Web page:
The stuff of making existence bearable

The Borders may currently be a disaster zone for manufacturing jobs, but can still claim to have a vibrant arts scene. One gem is The Studio on the Green in Selkirk, set up at the beginning of the decade by Jenna Agate and her partner Trevor Timms, to offer the community an imaginative range of physical therapies, movement classes and creative workshops for all ages.

Youngsters up to the age of 13, for example, can enjoy weekly creative dance classes aimed at allowing them "to find a way of using space, be theatrical -and have fun," says Agate. They also get experience of presenting their own work, as in a recent performance of Alice in Wonderland.

She has considerable experience of bringing dance to communities in Scotland, and is a one-time associate director of the Scottish Youth Dance Festival and the Borders Dance Festival. Wherever she works, she includes a strong special needs element. At The Studio on the Green there is a regular dance and movement class for under-fives with learning disabilities, aimed at developing essential motor skills, co-ordination, balance and mobility, and using them in creative expression.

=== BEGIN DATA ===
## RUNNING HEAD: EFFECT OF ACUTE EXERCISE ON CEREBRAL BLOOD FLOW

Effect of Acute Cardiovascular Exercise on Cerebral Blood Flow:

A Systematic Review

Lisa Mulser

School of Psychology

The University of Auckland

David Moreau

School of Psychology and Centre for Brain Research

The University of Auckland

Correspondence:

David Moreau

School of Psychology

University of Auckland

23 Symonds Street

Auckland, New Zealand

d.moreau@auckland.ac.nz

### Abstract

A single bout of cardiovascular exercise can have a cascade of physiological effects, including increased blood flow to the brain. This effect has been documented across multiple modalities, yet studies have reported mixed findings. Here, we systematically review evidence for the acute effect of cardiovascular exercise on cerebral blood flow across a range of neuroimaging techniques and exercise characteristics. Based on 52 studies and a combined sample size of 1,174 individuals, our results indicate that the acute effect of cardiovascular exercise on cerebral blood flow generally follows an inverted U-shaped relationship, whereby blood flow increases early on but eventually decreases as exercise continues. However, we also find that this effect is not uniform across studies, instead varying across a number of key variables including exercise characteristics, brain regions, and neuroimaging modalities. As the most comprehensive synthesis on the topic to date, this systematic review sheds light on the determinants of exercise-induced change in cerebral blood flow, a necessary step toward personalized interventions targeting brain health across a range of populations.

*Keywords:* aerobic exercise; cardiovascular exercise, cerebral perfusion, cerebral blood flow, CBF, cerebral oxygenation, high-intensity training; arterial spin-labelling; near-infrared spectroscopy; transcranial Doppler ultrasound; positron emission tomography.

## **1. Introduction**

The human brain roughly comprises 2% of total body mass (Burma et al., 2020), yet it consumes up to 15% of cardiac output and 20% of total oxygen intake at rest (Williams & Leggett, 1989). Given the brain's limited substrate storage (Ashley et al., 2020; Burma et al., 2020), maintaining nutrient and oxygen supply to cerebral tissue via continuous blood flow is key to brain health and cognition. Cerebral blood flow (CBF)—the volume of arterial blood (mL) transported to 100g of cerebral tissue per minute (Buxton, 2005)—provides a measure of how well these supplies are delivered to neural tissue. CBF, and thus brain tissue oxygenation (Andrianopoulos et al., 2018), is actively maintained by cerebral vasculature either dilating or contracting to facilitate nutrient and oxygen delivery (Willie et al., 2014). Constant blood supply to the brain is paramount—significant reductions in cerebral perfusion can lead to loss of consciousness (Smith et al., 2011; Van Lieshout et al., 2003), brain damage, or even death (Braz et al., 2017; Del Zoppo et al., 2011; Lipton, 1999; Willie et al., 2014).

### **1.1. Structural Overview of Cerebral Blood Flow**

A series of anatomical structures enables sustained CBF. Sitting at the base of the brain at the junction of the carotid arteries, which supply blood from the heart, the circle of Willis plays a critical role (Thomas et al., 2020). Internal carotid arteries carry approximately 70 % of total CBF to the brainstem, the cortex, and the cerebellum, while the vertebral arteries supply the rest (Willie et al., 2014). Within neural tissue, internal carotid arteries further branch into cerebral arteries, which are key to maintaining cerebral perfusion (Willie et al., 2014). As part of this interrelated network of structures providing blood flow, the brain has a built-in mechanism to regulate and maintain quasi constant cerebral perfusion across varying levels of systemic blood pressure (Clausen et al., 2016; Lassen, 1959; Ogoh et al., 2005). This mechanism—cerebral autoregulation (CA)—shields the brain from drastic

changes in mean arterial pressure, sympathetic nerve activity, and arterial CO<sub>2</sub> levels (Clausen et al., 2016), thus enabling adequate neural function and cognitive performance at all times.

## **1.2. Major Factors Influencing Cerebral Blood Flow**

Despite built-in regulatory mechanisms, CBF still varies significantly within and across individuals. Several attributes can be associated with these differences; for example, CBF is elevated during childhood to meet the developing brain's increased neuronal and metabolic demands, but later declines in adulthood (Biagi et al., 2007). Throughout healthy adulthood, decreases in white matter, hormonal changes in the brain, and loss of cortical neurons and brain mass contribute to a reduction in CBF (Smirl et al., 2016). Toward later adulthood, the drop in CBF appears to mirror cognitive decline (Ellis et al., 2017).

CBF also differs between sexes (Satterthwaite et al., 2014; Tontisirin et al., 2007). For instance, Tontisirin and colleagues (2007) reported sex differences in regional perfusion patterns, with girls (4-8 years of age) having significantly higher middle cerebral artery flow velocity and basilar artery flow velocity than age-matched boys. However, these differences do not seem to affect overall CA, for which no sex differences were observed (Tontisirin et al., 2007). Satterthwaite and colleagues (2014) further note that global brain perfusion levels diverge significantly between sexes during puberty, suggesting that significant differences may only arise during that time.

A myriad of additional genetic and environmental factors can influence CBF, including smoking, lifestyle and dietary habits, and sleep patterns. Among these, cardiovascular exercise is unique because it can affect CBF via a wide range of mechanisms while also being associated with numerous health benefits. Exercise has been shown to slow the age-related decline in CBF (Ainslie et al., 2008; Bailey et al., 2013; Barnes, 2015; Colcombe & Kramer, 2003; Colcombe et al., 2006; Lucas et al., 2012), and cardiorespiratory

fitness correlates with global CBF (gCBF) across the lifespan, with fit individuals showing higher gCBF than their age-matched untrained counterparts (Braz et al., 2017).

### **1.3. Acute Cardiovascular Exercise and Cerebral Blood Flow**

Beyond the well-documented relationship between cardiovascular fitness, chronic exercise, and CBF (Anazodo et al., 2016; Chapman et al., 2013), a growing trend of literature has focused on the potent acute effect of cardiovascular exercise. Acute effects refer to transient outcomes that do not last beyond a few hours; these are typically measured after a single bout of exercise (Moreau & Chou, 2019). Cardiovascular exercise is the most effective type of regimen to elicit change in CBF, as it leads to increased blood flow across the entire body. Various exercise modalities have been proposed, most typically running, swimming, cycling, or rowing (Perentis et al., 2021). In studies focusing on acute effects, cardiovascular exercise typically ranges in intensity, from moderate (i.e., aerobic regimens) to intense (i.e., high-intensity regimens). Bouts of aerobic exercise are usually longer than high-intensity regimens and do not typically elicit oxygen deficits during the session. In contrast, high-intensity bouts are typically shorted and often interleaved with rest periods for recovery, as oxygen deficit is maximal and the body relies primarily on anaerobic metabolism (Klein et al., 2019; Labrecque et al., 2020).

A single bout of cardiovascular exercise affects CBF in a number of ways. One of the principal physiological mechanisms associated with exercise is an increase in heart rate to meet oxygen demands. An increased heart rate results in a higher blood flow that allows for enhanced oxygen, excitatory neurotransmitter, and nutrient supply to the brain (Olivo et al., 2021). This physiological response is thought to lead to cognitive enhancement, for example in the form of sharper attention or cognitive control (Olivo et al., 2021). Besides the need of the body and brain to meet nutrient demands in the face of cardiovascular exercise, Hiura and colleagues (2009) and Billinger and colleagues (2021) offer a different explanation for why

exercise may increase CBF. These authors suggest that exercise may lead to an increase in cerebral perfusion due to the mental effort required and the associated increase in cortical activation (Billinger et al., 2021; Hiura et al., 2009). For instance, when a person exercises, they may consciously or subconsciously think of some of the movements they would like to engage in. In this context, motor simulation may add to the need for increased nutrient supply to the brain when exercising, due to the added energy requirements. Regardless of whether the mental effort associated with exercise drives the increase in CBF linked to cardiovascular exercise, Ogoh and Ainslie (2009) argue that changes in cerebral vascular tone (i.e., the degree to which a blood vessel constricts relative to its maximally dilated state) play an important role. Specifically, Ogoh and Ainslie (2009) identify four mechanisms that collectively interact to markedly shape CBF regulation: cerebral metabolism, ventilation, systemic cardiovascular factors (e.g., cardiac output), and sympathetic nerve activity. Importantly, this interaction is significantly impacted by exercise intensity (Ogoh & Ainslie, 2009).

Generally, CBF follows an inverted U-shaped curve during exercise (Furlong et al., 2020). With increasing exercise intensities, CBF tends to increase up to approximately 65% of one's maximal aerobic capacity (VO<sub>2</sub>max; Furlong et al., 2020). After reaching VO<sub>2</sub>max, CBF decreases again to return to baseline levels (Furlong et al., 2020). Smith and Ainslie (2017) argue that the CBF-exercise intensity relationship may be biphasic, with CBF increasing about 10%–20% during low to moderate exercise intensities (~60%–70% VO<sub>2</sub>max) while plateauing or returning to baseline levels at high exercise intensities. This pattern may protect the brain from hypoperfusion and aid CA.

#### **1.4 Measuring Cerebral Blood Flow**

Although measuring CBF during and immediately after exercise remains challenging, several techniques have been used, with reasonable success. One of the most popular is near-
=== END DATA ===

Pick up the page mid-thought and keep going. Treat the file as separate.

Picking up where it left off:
The Studio operates as a charitable trust which provides its own sponsorship for certain community projects out of earnings raised through classes and workshops. One activity it supports, along with willing volunteers, is Go For It, a dance company of young people and adults with learning difficulties.

Earlier this month Go For It joined up with a group of women to create and perform a work with Laurie Booth, one of Britain's top choreographers.

After only four days of improvisation and rehearsal, they gave a remarkably coherent and structured hour-long performance based on Booth's own work Night Walk. Go For It set the scene by crossing the stage, two by two, suitcases in hand.

Booth entered, displaying his fluid brand of movement, every muscle and joint seemingly able to operate independently of the others. He too had a suitcase, from which he pulled the baggage of his life, including a porcelain coloured doll. Its life-sized representations then came on stage, women who - in a dream-like reflection - echoed the themes of his own dance.

Their slow, measured pace brought a lasting resonance to Booth's rapid fire motion and hinted at the longing and determination that drives so many. In James Joyce's words on the soundtrack, it is a life made more bearable by dreams and detachments. But all nights - and their dreams - come to an end. As sunrise dawned, Go For It reappeared, instantly lighting up the scene.

The Studio on the Green, tel: 01750 21997

Kay Smith

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